We have previously reported our data on the treatment of surgically high-risk cavernomas10,15,22 but never exclusively on lesions localized to the brainstem (midbrain, pons, and medulla). With the continued evolution of imaging techniques, treatment planning, and dose selection we wished to test the hypothesis that SRS for surgically high-risk symptomatic CMs of the brainstem is efficacious and safe. We first identified SRS as being associated with a significant reduction on hemorrhage rates for symptomatic CMs in 1995.15 In our most up-to-date report,22 we showed that in 103 patients with surgically high-risk CMs the rate of rehemorrhage significantly declined from a pre-SRS annual rate of 32.5% to 10.8% in the 2 years following treatment, and to an annual rate of 1.06% thereafter. Adverse radiation effects were observed in 13.5% of patients, with most being transient and most occurring early in the experience. The data presented herein are in good agreement with our previous observations, showing a decrease in the annual hemorrhage rates of symptomatic CMs located exclusively in the brainstem from 32.38% before SRS to 8.22% in the first 2 years after treatment, and 1.37% thereafter. Similar reductions in annual hemorrhage rates have been documented in the literature.

In 57 patients harboring surgically inaccessible CMs, Chang et al.3 observed a pre-SRS hemorrhage annual rate of 9.4% that declined to 1.6% 36 months after treatment. Only 7% of these patients suffered AREs. Using stereotactic Bragg-peak proton beam therapy, Amin-Hanjani et al.2 treated 95 patients with 98 CMs. They observed a reduction in the hemorrhage rate from a pretreatment annual rate of 17.5% to 4.5% after a 2-year latency period. They did, however, have 16% of patients suffer permanent neurological dysfunction and 3% die. Liu et al.21 treated 125 patients with a reduction in the annual hemorrhage rate from 10.3% pretreatment to 3.3% posttreatment. Seventeen (13.1%) of these patients experienced AREs. In a smaller study of 22 patients with CMs treated by SRS, Kim et al.14 documented an annual hemorrhage rate reduction of 35.5%–3.55%, with 6 patients demonstrating AREs. Finally, García-Muñoz et al.8 reported 15 patients treated with SRS and showed that the annual hemorrhage rate decreased from 34.45% to 7.17%. Other reports have failed to reproduce similar reductions in hemorrhage risk but are limited by either their size, details of treatment, and/or limited follow-up.24,33,35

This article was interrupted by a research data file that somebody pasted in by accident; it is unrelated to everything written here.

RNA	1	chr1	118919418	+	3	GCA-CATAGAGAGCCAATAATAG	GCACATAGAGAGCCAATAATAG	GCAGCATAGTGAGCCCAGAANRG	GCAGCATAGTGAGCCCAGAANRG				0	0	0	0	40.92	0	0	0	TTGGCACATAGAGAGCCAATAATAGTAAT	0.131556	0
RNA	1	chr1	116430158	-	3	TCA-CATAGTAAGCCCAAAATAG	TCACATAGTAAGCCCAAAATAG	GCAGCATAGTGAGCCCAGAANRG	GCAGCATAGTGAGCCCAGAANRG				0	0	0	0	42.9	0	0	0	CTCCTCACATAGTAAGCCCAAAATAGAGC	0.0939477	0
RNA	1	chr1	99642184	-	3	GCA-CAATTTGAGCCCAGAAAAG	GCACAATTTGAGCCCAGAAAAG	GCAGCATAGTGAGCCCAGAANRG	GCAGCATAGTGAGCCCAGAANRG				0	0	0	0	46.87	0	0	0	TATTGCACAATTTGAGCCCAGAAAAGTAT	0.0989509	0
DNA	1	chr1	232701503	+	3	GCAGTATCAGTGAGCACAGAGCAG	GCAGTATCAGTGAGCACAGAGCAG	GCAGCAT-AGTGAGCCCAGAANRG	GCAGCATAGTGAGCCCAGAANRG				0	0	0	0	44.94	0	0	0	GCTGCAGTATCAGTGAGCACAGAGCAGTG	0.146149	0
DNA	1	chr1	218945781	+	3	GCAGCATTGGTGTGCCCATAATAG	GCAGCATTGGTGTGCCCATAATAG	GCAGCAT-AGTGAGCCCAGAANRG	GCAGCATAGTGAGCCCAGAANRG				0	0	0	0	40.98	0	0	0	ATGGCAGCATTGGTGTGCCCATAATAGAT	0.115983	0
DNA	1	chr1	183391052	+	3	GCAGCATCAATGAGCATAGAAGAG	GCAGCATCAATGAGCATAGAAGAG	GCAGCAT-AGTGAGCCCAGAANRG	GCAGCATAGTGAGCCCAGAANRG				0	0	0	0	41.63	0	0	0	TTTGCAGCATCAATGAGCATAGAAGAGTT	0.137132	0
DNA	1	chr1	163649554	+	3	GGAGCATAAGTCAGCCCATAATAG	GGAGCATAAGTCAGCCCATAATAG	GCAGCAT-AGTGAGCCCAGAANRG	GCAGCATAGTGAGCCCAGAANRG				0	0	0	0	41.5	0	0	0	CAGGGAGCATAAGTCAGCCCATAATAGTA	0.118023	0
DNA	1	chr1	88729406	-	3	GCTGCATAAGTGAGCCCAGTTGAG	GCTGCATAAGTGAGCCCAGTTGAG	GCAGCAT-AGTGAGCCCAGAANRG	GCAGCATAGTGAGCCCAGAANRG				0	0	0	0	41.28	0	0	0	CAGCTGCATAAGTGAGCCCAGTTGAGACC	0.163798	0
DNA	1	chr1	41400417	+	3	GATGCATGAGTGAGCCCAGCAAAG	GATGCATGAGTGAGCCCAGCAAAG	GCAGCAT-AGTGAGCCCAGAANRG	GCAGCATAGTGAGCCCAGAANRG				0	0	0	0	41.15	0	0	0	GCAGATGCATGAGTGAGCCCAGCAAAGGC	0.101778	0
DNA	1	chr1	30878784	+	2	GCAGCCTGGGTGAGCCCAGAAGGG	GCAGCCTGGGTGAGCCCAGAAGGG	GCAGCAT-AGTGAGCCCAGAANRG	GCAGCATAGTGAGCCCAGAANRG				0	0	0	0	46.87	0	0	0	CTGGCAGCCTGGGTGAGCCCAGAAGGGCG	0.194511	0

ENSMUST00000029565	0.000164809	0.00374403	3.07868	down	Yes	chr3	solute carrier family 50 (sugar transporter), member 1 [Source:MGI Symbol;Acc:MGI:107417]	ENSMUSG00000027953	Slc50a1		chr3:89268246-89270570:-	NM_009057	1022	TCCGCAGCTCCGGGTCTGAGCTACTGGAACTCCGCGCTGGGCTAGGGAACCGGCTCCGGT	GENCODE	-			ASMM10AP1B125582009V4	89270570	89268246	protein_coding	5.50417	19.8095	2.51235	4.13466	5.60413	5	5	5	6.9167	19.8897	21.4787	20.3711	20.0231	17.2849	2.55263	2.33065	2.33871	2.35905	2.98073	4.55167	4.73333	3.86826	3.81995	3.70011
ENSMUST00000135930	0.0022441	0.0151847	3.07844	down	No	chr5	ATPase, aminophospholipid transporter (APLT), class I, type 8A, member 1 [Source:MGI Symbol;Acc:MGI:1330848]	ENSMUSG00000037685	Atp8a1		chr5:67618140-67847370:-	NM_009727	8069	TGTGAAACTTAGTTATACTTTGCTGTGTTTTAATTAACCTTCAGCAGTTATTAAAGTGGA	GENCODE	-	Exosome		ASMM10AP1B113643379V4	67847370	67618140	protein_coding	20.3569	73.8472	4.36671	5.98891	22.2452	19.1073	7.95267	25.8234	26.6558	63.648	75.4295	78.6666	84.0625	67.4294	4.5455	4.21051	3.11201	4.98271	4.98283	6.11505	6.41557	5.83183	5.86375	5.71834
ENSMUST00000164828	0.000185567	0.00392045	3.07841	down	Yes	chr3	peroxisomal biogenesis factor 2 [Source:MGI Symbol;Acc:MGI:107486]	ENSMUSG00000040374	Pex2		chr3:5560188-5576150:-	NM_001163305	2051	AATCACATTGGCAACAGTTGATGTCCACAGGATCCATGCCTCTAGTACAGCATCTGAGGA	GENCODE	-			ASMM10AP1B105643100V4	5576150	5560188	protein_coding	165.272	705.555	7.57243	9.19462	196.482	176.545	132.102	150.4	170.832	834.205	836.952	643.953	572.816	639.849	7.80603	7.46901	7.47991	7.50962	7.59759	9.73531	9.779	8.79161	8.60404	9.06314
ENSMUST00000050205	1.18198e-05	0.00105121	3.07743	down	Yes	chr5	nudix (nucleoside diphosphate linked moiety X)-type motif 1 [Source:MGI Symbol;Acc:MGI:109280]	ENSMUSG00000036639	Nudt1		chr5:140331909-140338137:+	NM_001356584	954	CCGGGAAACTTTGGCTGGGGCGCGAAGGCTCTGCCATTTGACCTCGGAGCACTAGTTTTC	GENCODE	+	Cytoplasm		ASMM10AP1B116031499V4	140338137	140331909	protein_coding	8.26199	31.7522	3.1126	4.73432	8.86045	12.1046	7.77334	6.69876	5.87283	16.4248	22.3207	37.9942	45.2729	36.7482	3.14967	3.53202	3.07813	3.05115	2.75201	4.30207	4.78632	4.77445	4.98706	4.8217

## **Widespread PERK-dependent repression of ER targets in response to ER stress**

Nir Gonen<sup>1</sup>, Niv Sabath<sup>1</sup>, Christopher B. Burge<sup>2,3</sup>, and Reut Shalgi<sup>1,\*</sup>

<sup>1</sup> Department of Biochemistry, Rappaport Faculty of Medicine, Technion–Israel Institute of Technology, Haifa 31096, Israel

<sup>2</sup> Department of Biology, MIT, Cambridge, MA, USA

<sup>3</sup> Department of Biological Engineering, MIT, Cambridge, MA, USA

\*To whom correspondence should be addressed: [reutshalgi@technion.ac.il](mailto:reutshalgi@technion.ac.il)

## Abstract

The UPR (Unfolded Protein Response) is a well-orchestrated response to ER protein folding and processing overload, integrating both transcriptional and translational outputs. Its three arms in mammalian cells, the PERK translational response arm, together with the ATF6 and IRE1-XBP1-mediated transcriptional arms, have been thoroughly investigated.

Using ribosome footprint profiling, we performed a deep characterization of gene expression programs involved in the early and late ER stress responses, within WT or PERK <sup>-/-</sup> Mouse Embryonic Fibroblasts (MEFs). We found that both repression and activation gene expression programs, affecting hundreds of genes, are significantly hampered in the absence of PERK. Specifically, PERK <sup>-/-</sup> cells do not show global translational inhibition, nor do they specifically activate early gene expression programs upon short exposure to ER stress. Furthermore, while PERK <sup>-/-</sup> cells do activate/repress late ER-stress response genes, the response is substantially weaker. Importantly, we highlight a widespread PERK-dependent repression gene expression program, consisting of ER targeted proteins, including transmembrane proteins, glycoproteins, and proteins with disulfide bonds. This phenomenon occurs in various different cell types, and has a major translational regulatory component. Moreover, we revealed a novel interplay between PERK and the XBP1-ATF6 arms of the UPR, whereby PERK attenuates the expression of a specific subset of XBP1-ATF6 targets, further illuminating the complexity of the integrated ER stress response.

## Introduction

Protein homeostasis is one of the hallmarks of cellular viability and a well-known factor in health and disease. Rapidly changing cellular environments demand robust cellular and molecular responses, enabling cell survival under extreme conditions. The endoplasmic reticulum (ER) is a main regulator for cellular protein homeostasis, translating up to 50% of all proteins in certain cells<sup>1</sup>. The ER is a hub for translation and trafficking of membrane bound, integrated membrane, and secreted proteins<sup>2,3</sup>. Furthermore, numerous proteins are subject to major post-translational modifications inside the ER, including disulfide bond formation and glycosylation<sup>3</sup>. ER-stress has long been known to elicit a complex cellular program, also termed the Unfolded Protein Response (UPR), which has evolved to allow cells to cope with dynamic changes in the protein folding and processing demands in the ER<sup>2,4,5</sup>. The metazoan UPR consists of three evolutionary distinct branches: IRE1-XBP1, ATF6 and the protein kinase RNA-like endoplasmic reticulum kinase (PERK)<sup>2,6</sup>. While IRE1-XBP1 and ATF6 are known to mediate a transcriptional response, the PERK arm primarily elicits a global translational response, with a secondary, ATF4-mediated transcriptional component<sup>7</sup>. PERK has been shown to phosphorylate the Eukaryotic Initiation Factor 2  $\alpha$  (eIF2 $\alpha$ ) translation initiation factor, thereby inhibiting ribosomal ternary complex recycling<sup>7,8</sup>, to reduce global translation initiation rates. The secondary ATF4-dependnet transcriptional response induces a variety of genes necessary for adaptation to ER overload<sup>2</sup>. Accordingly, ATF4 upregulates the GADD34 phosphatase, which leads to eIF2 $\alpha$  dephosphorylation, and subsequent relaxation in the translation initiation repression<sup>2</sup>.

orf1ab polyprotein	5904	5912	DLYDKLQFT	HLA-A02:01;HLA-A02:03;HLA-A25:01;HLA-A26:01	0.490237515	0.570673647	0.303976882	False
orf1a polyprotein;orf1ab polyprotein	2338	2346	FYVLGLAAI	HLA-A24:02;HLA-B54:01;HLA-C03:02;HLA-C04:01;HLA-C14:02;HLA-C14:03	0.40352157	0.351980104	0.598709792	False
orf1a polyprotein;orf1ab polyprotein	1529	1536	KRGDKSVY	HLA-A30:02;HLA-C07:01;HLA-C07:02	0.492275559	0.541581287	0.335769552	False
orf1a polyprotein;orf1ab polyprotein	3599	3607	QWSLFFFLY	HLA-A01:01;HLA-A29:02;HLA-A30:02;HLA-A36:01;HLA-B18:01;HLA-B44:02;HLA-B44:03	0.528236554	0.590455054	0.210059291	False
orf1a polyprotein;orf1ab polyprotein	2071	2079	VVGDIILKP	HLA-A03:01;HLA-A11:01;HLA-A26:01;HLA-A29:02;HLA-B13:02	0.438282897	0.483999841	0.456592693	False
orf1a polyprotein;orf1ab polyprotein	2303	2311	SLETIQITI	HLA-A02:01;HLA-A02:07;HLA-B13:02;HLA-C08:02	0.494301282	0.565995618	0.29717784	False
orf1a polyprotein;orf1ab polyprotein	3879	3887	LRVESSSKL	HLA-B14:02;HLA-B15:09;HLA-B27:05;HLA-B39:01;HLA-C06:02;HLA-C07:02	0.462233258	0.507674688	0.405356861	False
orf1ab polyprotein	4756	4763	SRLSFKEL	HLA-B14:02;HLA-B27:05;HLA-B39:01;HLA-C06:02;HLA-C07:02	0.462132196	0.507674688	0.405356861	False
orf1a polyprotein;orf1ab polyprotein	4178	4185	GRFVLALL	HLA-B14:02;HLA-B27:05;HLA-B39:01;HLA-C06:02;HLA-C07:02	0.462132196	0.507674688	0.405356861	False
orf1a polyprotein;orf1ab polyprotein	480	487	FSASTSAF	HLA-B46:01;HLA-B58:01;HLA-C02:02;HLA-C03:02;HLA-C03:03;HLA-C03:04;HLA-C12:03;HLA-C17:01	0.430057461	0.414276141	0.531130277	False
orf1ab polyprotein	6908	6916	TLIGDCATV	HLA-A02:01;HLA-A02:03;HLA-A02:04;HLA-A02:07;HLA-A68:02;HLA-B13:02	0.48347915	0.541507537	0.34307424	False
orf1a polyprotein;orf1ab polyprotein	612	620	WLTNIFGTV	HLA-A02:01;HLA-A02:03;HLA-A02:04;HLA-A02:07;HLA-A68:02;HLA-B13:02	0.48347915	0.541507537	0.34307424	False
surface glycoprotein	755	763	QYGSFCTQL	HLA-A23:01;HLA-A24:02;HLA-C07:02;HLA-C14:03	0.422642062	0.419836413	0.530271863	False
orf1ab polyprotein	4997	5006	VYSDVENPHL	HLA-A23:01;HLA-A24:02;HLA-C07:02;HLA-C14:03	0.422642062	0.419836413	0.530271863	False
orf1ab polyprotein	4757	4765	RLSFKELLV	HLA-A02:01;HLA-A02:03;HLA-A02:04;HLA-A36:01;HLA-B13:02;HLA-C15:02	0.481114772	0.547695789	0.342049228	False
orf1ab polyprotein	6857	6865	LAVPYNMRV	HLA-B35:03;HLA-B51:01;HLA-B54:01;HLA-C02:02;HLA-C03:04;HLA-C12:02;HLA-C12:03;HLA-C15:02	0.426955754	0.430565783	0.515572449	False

Although Pollock and colleagues31 treated 17 patients and showed a reduction in annual hemorrhage rates from 40% pre-SRS to 2.9% after a 2-year latency period post-SRS, they did not conclude that radiosurgery was protective against hemorrhage. Indeed, 59% of these patients had evidence of AREs, a finding possibly attributable to a high median target dose of 18 Gy causing toxicity in the radiation-sensitized adjacent hemosiderin-containing brain. Some other authors have expressed concerns related to the high risk of reactive edema around treated CMs.19,24 However, this may be the result of adverse effects on coexistent DVAs, as many of the patients in these reports harbored DVAs. Far fewer patients in the current series experienced AREs, with only 11.8% of patients being symptomatic. Surrounding a CM is parenchyma containing hemosiderin, a potential radiation sensitizer. We have previously proposed that radiation dosing to the tissue surrounding the CM may injure this adjacent tissue, causing AREs.22 Using multiple small isocenters to deliver a highly conformal dose with greater selectivity to the CM target within the T2-defined hemosiderin-stained brain appears to be critical. With such a strategy, we have shown before a decrease in the rate of ARE risk from 18.5% to 8%. In the current study, the mean marginal dose was limited to 15.84 Gy and the mean number of isocenters was 3.38.

We have hypothesized that the radiobiological effect of SRS on CMs is similar to that for arteriovenous malformations: progressive endothelial cell proliferation and hyalinization yielding luminal closure. Gewirtz et al.9 reviewed the histopathological changes in 8 CMs in patient who underwent resection after failed SRS treatment (with 18–26-Gy equivalents). These lesions demonstrated fibrinoid necrosis compared with untreated controls but still possessed patent vascular channels. Nyáry et al.28 identified endothelial cell destruction and marked fibrosis in the connective tissue stroma of a thalamic CM 1 year after 40-Gy irradiation. Taken together with clinical data, these reports suggest that CMs may respond to SRS in a fashion similar to other vascular lesions via delayed luminal closure of vascular channels.